Darcy has been giving anonymous advice to her fellow private school students for awhile, and it’s a great source of income for her since she’s a scholarship student whose mother works at the school. But when she agrees to help Alexander Brougham, it sets off a series of event that changes everything.  

Darcy specializes in relationships, and her advice is actually useful, focusing on setting boundaries and different attachment styles. But she ends up breaking her own rules in several different ways—this affects her relationships with her friends and loved ones, including her best friend Brooke, who Darcy has been pining over for years.

One of the best things about this book was its inclusiveness. Both the protagonist and the supporting characters represent the full spectrum of the LGBTQ+ community. However, that characterization represents only a small facet of their overall personalities rather than *the* defining characteristic. It was an especially moment to see Darcy’s friends validate her bisexuality even if she happens to like a straight guy. Quick aside—I’ve said many times that I don’t think teens are influenced by drinking/drug use in YA books. However, seeing messages combatting stereotypes are absolutely influential and bear repeating.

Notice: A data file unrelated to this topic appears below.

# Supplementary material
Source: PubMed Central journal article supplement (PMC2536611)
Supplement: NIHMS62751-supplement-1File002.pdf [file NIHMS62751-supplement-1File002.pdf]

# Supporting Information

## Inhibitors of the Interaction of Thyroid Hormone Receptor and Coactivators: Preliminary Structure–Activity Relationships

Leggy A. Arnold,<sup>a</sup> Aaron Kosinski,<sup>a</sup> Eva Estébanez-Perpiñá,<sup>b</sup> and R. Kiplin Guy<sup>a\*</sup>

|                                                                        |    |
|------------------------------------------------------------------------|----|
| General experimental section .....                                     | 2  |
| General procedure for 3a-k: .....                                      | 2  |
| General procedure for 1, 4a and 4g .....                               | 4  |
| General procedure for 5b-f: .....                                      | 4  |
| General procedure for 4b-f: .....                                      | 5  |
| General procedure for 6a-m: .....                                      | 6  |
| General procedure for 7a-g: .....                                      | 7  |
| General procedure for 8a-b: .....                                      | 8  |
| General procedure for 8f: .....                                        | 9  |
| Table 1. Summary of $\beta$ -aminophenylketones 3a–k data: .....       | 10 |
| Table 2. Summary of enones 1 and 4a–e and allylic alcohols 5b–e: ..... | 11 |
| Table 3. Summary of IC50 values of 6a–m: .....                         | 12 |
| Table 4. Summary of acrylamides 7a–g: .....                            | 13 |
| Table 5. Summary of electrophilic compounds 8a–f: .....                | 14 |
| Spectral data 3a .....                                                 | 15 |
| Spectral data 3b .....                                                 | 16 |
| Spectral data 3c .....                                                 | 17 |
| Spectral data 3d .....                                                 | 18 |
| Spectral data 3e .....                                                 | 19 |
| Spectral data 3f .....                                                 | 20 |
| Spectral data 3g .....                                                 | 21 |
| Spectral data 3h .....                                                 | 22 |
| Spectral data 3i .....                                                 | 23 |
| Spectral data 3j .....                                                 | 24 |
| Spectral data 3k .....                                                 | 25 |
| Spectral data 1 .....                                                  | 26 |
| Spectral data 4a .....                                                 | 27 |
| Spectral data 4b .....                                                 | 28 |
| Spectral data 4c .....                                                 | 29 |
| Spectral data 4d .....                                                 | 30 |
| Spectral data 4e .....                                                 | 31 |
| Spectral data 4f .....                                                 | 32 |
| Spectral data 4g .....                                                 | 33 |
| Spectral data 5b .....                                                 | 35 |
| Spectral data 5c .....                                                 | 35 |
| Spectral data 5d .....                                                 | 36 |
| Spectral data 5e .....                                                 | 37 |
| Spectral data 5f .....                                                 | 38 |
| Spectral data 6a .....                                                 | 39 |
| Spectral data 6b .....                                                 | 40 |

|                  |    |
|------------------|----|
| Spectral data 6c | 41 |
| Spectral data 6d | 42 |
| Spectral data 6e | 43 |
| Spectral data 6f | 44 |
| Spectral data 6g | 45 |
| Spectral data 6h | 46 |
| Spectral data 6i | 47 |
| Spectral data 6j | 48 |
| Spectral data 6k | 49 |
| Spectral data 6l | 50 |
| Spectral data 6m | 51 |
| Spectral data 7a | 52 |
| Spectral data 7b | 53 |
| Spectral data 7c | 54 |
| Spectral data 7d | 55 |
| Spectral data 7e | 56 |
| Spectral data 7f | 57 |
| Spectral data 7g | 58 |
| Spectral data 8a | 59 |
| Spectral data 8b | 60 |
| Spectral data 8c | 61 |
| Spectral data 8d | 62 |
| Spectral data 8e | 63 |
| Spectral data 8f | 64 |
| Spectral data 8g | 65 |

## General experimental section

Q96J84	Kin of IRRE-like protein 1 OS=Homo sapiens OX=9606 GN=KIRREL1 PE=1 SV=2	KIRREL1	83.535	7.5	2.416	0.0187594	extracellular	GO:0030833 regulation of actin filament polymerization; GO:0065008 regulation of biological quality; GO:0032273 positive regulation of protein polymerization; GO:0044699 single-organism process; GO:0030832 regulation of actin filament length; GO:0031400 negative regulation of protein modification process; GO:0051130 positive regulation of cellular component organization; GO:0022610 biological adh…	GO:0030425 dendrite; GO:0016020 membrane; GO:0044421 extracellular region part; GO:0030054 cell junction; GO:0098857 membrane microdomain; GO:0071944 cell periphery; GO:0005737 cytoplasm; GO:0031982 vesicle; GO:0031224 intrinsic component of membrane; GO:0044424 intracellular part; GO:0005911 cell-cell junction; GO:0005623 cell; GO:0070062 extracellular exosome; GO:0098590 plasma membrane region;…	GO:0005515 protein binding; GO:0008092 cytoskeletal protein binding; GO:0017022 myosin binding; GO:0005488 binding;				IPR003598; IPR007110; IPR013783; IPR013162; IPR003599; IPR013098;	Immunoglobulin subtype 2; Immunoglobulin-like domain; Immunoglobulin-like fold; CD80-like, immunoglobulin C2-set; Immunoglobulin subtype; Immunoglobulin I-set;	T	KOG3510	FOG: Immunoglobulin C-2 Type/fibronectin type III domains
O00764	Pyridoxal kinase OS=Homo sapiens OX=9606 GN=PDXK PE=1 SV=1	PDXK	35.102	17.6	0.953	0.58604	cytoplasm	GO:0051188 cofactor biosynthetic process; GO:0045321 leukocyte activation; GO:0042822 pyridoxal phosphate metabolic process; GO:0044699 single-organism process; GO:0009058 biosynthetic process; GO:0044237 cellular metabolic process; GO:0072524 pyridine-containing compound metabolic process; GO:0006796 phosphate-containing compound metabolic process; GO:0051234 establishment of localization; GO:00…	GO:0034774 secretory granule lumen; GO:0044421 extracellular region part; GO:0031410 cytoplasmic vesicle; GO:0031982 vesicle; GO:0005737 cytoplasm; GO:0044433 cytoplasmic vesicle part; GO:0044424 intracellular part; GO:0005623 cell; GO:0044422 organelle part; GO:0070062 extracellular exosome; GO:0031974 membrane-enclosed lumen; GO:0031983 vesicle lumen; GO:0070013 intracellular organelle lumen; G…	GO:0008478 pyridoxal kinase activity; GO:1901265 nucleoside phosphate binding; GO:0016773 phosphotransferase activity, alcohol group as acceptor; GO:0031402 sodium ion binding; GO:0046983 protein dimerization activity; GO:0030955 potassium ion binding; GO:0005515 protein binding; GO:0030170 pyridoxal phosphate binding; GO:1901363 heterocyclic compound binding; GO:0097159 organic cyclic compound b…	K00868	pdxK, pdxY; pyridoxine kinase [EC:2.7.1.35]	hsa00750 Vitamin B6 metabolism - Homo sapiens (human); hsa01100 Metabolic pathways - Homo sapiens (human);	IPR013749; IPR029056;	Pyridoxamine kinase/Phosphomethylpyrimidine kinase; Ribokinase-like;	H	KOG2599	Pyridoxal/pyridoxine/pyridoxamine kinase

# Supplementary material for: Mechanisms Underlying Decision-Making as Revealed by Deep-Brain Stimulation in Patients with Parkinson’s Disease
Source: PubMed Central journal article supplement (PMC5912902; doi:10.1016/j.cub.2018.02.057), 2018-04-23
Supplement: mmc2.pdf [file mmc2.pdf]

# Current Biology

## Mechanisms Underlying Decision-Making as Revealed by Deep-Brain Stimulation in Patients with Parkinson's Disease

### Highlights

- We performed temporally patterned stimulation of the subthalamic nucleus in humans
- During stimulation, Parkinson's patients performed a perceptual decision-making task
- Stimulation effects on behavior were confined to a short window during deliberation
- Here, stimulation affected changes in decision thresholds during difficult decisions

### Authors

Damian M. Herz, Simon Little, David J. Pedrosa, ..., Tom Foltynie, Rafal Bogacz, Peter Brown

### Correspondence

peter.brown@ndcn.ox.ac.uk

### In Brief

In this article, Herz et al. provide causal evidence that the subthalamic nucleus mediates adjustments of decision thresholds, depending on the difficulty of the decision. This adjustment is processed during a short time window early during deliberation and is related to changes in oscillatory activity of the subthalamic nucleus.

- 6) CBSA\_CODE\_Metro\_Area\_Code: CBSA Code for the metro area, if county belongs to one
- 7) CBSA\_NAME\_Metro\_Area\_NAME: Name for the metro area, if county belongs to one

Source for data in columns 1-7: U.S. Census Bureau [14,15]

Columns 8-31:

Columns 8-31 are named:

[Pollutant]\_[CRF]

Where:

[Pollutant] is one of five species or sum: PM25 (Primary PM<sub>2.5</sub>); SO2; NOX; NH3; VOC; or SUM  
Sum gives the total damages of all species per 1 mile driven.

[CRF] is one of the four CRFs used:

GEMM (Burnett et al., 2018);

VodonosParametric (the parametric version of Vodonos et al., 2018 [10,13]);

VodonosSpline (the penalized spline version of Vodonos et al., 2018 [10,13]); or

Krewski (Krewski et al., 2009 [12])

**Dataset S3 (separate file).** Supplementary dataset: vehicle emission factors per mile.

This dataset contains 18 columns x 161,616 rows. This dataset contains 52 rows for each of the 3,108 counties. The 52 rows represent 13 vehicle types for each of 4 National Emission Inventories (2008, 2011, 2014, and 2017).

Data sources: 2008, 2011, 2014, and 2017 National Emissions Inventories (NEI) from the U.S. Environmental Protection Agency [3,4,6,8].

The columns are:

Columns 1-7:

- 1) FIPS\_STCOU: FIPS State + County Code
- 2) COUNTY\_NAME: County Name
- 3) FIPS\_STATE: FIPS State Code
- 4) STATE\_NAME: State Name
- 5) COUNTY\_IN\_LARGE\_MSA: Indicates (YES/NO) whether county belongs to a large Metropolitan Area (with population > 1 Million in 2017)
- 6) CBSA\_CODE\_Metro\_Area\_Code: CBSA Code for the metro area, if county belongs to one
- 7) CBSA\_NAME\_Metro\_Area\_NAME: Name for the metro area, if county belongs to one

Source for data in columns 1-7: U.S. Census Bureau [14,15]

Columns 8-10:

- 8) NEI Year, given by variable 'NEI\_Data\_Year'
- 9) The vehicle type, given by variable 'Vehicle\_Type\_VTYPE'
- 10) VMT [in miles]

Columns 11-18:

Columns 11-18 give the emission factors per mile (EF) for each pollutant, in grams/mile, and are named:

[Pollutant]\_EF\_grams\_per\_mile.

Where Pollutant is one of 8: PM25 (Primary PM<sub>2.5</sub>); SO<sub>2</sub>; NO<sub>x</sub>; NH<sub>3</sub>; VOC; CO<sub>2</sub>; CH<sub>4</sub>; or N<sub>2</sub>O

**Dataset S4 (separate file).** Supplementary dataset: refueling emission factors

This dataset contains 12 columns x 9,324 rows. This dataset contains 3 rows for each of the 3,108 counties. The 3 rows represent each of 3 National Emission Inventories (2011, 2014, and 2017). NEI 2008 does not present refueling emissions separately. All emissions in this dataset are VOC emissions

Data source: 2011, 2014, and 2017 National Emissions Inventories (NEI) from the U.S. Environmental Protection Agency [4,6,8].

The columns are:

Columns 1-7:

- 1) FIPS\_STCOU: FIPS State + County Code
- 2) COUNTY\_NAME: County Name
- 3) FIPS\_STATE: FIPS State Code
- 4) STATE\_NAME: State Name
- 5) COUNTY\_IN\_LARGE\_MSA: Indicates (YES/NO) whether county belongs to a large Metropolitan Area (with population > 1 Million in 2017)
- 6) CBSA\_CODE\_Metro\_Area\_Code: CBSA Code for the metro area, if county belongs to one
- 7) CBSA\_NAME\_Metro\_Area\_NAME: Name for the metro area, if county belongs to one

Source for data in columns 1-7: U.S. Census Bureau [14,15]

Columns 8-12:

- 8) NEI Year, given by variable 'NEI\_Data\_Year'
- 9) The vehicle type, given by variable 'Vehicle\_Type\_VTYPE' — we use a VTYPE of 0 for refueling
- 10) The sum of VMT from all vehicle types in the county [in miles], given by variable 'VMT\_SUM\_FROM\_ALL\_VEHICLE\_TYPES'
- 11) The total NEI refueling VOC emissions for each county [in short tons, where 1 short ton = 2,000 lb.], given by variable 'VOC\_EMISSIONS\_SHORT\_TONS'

Darcy is a delightful protagonist. She means well, but she doesn’t always do the right thing, and over the course of the book, she faces the consequences of her actions. But she learns from her mistakes, and this makes her into a better person.    

I would totally recommend Perfect on Paper. This book is sweet and heartwarming and fun and quirky, and I could go on all day with positive adjectives to describe how much I enjoyed my reading experience. Having grown up in Los Angeles, I got a bit homesick during some of the scenes, especially the ones set in Disneyland. This is the second book I’ve read from Gonzales; I’m totally a fan, and I’m already looking forward to whatever comes next!

I received an ARC of this book from St. Martin’s Press/NetGalley

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